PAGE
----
The Sisters of Charity were founded in Dublin in 1815 with a commitment to helping the poor. Having witnessed first-hand the conditions causing poverty, then Congregational Leader, Mother Mary Aikenhead opened St Vincent’s Hospital in Dublin in 1834, where the poor could receive for love, the same care as the rich received for money.
At the request of Bishop Polding to bring their mission to Australia, Sr Mary Aikenhead agreed to send five Sisters to the Australian colony. The five volunteers, MM John Cahill, Sr M John Baptist De Lacy, Sr M Xavier Williams, Sr M Lawrence Cater and Sr M Francis de Sales O’Brien arrived in Sydney aboard the Francis Spaight on 31 December 1838.
It would be 20 years before the Sisters were able to open a small hospital at ‘Tarmons’ Potts Point in 1857.
A Crown Land Grant and public fundraising allowed the Sisters to open a bigger purpose-built hospital on the current Darlinghurst site in 1870, now known as the De Lacy Building. Since then, the Sisters of Charity have continuously developed the Darlinghurst Campus to meet the growing demands from the public and increasing sophistication of medicine, and continue their work within the Hospital to present day.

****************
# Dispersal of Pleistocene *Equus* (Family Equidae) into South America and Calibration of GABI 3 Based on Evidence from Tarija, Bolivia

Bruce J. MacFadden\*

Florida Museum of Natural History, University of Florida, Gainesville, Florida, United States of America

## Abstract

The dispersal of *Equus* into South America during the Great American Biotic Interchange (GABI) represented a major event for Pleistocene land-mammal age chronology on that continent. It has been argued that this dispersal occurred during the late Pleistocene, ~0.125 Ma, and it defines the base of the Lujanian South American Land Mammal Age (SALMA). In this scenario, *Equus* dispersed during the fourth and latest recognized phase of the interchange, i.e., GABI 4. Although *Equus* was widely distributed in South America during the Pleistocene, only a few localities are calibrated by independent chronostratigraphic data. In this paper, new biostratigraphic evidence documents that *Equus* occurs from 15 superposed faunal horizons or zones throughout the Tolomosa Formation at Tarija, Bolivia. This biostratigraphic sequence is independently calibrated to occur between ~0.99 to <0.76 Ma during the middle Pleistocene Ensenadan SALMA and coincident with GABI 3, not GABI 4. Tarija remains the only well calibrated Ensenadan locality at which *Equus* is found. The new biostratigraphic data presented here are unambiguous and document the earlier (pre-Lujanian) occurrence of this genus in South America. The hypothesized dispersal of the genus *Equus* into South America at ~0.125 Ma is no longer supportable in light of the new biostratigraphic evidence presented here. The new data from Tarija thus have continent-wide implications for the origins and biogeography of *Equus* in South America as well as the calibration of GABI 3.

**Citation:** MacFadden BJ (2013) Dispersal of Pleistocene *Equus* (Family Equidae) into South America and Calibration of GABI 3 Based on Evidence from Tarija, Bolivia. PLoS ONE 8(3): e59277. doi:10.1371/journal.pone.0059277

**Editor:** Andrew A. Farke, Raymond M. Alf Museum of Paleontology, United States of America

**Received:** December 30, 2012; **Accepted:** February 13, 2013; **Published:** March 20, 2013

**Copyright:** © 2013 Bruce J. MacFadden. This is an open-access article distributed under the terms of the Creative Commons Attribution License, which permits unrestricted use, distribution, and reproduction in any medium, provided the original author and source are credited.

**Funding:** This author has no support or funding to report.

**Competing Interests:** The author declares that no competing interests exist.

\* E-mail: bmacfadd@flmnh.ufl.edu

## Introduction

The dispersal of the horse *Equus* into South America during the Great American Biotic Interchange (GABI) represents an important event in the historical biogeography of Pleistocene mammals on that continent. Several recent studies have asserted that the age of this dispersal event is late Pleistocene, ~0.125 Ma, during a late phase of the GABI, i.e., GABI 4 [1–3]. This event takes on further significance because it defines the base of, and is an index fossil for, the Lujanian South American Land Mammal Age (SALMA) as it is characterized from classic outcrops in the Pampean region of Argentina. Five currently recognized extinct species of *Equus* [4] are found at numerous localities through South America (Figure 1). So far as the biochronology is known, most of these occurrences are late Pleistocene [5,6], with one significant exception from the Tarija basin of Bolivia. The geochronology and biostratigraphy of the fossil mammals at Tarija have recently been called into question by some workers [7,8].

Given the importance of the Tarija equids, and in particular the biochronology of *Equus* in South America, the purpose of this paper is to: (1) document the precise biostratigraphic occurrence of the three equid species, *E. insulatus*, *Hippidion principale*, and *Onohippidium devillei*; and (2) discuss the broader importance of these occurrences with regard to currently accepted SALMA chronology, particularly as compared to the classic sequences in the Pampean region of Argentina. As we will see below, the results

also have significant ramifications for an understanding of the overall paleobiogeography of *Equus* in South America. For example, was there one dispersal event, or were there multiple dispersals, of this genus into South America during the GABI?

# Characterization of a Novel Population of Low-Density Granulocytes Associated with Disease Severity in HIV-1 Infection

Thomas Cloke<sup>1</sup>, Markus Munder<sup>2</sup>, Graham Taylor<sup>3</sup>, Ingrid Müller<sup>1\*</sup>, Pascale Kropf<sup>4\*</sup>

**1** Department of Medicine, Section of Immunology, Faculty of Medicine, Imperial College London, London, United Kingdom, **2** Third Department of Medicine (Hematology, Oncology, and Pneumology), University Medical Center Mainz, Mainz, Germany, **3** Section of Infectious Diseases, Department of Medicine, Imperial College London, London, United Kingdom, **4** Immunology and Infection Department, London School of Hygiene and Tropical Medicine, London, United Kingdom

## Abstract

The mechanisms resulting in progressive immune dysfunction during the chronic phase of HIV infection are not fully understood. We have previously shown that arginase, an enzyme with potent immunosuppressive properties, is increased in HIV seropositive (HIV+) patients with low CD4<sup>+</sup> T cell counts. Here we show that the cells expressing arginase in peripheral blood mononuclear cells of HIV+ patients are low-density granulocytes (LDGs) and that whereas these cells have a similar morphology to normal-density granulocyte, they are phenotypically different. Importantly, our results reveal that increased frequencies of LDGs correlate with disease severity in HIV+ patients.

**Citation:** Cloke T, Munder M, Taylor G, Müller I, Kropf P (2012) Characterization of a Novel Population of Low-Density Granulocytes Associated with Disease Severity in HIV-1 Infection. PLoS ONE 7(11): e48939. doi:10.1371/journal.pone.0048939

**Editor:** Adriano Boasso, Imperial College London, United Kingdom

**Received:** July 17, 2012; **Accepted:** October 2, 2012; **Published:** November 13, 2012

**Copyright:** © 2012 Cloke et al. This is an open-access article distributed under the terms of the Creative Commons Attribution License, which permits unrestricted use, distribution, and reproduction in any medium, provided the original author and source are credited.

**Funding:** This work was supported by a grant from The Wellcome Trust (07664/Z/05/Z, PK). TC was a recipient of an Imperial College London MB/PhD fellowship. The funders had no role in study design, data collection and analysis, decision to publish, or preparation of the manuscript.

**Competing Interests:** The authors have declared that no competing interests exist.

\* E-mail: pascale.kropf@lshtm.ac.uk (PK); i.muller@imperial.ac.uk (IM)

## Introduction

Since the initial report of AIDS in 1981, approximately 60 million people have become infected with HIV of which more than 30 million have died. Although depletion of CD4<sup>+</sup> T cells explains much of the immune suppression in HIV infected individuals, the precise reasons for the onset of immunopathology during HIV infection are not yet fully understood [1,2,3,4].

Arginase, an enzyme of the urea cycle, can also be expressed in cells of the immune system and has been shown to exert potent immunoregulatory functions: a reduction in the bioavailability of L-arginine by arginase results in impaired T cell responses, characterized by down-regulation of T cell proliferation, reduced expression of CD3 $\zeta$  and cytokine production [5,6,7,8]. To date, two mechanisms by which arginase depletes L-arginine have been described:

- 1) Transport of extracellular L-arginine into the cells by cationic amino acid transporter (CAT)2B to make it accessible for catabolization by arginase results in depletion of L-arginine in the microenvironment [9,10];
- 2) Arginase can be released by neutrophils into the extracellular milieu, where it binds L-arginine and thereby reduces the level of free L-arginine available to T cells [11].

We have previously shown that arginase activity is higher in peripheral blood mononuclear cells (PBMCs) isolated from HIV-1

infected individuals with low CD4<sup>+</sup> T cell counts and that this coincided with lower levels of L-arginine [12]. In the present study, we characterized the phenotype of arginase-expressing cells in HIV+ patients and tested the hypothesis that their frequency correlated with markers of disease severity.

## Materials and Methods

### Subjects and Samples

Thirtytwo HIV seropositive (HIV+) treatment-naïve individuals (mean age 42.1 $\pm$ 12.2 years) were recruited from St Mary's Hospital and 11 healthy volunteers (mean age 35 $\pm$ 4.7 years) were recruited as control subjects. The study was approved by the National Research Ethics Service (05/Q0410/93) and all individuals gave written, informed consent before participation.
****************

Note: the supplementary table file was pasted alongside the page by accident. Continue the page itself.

In 2013 the Sisters of Charity celebrated their 175th year anniversary of their service in Australia. As part of these celebrations, St Vincent's Hospital held an exhibition of the Sister's work from the establishment of our Hospital, to current day titled,
Nuns at Work
Nuns at Work from bruce stephens on Vimeo.
Images and commentary about the "Nuns at Work" photographic exhibition at St Vincent's Hospital Sydney...one of the many events commemorating the 175th Anniversary of the Sisters of Charity of Australia.
1870 St Vincent’s Hospital opens at Darlinghurst, 20 October 1870
1886 The Sisters of Charity open St Joseph’s Hospital for tuberculosis with 20 beds at Parramatta
1890 Sacred Heart Hospice for the Dying opens with 10 beds
1909 St Vincent’s Private Hospital opened
1923 St Vincent’s Hospital approved by the Senate of University of Sydney as a Teaching Hospital or Clinical School.
1963 Garvan Institute of Medical Research Institute opened
1982 Gorman House, a 20 bed Detoxification Centre opened
1984 Rankin Court Alcohol and Drug Service opened
1989 The Centre for Immunology opened
1990 St Vincent’s Clinic opened
1996 The Victor Chang Cardiac Research Institute opened by Diana, Princess of Wales
2001 The congregations’ of Sisters of Charity and Sisters of Mercy, North Sydney merge their health care services to form St Vincent’s & Mater Health Sydney (SVMHS).
2008 Lowy Packer Victor Chang research facility opened by Princess Mary of Denmark
2010 O’Brien Mental Health Centre opened
2012 The Kinghorn Cancer Centre opened - a joint venture of the Garvan Institute of Medical Research and St Vincent’s Hospital Sydney
2013 The Huntington’s Disease Unit opened at St Joseph’s Hospital